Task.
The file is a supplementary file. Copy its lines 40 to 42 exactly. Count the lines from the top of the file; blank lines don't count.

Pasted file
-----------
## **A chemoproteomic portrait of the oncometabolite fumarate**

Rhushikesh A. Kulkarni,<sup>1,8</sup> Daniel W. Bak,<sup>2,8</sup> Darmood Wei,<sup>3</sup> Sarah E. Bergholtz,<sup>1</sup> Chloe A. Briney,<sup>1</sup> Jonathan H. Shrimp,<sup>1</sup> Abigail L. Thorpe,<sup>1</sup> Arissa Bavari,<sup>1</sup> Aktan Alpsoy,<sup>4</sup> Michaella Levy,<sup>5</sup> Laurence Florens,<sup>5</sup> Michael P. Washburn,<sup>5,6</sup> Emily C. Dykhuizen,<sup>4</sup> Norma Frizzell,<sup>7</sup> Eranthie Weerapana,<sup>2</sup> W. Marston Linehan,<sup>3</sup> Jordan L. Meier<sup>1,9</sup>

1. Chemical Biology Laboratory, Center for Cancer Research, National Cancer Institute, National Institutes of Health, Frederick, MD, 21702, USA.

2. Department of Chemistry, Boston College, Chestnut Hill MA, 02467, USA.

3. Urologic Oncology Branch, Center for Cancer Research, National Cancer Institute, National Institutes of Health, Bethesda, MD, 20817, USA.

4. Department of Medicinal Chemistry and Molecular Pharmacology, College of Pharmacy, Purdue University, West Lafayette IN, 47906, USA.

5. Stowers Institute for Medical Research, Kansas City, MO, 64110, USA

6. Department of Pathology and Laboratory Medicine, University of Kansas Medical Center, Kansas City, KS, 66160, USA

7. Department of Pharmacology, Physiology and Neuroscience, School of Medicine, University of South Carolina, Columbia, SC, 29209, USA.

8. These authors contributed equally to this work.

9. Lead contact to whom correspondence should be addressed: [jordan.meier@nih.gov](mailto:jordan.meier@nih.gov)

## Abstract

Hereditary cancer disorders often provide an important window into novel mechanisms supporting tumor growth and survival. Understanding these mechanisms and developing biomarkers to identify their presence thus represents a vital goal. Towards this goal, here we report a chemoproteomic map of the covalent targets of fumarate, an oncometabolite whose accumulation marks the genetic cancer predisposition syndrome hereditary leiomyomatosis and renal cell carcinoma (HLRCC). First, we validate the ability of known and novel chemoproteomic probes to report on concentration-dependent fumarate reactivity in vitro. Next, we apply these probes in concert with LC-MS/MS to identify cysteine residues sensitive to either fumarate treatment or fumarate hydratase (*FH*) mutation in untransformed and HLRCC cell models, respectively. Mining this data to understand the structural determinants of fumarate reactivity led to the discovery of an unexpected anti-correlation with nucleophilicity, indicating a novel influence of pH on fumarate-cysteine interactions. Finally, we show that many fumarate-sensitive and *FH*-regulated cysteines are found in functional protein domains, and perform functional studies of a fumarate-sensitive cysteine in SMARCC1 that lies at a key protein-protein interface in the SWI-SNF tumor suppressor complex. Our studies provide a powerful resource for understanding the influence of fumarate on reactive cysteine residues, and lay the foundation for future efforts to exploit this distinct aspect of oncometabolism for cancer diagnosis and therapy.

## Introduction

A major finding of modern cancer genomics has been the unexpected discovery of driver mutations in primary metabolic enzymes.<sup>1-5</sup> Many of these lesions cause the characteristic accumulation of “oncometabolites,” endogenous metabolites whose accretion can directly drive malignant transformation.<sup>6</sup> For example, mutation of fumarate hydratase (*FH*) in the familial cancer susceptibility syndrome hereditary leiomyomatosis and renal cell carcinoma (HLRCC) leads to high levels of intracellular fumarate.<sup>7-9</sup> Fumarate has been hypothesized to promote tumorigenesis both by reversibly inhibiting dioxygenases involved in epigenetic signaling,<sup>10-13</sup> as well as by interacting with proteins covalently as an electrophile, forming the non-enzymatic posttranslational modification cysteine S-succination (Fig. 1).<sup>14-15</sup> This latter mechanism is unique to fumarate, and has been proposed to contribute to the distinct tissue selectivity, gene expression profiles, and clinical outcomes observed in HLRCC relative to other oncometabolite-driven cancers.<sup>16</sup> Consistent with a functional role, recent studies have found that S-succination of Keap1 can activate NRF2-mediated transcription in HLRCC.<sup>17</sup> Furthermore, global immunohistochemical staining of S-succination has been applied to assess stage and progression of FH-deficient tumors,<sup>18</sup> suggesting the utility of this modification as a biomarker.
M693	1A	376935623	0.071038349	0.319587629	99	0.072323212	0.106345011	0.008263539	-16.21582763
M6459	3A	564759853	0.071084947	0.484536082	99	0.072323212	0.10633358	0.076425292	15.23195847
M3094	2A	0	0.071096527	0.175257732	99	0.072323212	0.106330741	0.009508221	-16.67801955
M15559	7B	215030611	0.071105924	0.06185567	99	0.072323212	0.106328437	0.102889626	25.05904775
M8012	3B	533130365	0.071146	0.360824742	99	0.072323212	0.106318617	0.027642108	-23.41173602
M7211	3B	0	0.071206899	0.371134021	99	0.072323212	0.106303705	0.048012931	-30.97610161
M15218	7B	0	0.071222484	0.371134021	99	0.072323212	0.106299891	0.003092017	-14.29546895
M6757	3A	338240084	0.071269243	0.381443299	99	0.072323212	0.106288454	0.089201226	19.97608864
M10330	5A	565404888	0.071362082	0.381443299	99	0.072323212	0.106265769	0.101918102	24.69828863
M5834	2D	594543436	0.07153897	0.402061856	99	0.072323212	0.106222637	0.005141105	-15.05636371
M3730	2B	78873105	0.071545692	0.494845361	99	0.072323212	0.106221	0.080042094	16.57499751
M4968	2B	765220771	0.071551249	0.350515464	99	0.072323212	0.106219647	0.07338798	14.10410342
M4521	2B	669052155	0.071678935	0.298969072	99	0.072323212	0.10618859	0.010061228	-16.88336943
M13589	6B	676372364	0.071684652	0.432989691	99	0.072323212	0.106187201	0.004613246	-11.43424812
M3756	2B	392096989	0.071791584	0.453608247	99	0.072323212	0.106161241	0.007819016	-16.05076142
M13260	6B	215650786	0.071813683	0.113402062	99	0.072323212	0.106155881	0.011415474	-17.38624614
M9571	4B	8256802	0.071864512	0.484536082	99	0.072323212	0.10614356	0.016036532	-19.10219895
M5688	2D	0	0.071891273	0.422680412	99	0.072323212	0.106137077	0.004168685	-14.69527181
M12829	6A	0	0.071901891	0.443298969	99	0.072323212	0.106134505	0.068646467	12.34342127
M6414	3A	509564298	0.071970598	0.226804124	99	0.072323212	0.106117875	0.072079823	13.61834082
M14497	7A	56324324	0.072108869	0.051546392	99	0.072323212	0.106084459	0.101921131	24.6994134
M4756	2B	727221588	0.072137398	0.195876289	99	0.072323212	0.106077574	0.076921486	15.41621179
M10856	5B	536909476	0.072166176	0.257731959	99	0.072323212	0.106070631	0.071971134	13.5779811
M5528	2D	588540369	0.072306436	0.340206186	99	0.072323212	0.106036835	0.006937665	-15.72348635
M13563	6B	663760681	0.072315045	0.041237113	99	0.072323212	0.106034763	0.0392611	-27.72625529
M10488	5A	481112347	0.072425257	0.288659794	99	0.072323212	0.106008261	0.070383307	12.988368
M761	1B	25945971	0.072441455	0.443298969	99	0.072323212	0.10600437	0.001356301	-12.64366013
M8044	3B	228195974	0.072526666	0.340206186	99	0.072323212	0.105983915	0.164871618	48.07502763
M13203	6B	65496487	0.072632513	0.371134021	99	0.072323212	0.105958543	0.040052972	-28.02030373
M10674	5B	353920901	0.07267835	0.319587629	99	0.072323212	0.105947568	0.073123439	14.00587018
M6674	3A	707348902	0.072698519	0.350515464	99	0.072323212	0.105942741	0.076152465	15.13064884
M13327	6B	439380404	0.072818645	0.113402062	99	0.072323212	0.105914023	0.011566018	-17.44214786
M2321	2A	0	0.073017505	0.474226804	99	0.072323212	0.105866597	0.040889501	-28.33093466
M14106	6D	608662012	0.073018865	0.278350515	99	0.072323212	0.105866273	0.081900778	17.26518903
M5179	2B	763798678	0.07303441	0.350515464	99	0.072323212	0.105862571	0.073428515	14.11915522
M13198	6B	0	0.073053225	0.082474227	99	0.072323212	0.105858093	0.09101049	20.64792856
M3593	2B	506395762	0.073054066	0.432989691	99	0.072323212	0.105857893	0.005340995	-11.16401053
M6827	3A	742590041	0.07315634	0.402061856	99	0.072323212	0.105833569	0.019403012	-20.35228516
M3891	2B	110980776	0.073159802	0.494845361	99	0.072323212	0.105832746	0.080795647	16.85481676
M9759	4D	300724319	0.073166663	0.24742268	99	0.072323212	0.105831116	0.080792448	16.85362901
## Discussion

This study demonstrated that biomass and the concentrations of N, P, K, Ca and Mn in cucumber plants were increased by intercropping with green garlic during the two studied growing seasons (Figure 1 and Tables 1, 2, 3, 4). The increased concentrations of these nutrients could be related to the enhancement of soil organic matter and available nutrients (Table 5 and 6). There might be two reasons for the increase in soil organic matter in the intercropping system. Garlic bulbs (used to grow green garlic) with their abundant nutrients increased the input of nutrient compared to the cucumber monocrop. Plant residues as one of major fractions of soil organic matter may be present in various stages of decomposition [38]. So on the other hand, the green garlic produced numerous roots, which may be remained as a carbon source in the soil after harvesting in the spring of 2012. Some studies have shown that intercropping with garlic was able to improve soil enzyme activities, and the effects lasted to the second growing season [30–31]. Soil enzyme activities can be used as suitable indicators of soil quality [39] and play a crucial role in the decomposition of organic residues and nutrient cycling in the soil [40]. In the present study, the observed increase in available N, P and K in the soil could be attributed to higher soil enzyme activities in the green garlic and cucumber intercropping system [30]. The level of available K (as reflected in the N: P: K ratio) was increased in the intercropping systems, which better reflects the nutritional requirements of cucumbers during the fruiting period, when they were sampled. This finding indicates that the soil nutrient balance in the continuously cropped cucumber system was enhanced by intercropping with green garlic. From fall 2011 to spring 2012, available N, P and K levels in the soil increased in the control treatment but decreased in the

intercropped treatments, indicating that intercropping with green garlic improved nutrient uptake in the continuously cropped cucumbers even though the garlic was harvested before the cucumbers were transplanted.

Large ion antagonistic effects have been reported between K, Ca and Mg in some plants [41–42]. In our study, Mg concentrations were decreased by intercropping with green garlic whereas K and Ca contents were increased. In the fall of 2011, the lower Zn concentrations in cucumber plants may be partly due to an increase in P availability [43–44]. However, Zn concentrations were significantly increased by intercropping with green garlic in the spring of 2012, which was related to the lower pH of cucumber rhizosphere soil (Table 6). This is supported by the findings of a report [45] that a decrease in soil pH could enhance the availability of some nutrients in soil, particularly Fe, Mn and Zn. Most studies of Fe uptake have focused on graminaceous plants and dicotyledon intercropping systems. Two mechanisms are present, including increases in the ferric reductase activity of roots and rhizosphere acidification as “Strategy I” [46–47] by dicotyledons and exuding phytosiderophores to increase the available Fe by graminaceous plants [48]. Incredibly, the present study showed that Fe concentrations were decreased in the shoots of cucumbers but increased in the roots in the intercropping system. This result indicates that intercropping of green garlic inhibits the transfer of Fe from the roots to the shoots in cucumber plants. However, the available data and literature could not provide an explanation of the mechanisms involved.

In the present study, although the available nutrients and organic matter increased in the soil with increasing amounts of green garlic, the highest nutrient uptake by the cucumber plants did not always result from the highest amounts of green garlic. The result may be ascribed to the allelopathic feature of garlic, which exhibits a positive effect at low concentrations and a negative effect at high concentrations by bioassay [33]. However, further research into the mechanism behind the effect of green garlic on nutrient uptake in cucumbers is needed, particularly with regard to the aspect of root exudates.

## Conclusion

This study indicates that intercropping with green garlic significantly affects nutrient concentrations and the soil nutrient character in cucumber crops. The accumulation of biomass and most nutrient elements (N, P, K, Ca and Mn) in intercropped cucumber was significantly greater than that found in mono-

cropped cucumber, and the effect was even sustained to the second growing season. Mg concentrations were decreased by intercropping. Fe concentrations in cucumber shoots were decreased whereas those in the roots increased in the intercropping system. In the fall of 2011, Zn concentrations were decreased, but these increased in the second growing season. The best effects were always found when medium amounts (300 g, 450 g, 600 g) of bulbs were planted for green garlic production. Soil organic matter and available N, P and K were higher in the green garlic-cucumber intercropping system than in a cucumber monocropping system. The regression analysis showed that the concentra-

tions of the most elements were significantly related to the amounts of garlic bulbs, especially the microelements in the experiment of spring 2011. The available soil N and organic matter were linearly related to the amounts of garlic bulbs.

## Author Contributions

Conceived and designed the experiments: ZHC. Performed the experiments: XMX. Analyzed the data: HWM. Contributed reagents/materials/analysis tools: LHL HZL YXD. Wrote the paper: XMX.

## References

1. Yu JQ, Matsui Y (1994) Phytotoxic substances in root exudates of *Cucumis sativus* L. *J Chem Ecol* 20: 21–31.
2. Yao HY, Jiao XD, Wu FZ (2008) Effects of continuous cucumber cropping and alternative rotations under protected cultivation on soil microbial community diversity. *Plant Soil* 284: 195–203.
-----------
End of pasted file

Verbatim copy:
M13563	6B	663760681	0.072315045	0.041237113	99	0.072323212	0.106034763	0.0392611	-27.72625529
M10488	5A	481112347	0.072425257	0.288659794	99	0.072323212	0.106008261	0.070383307	12.988368
M761	1B	25945971	0.072441455	0.443298969	99	0.072323212	0.10600437	0.001356301	-12.64366013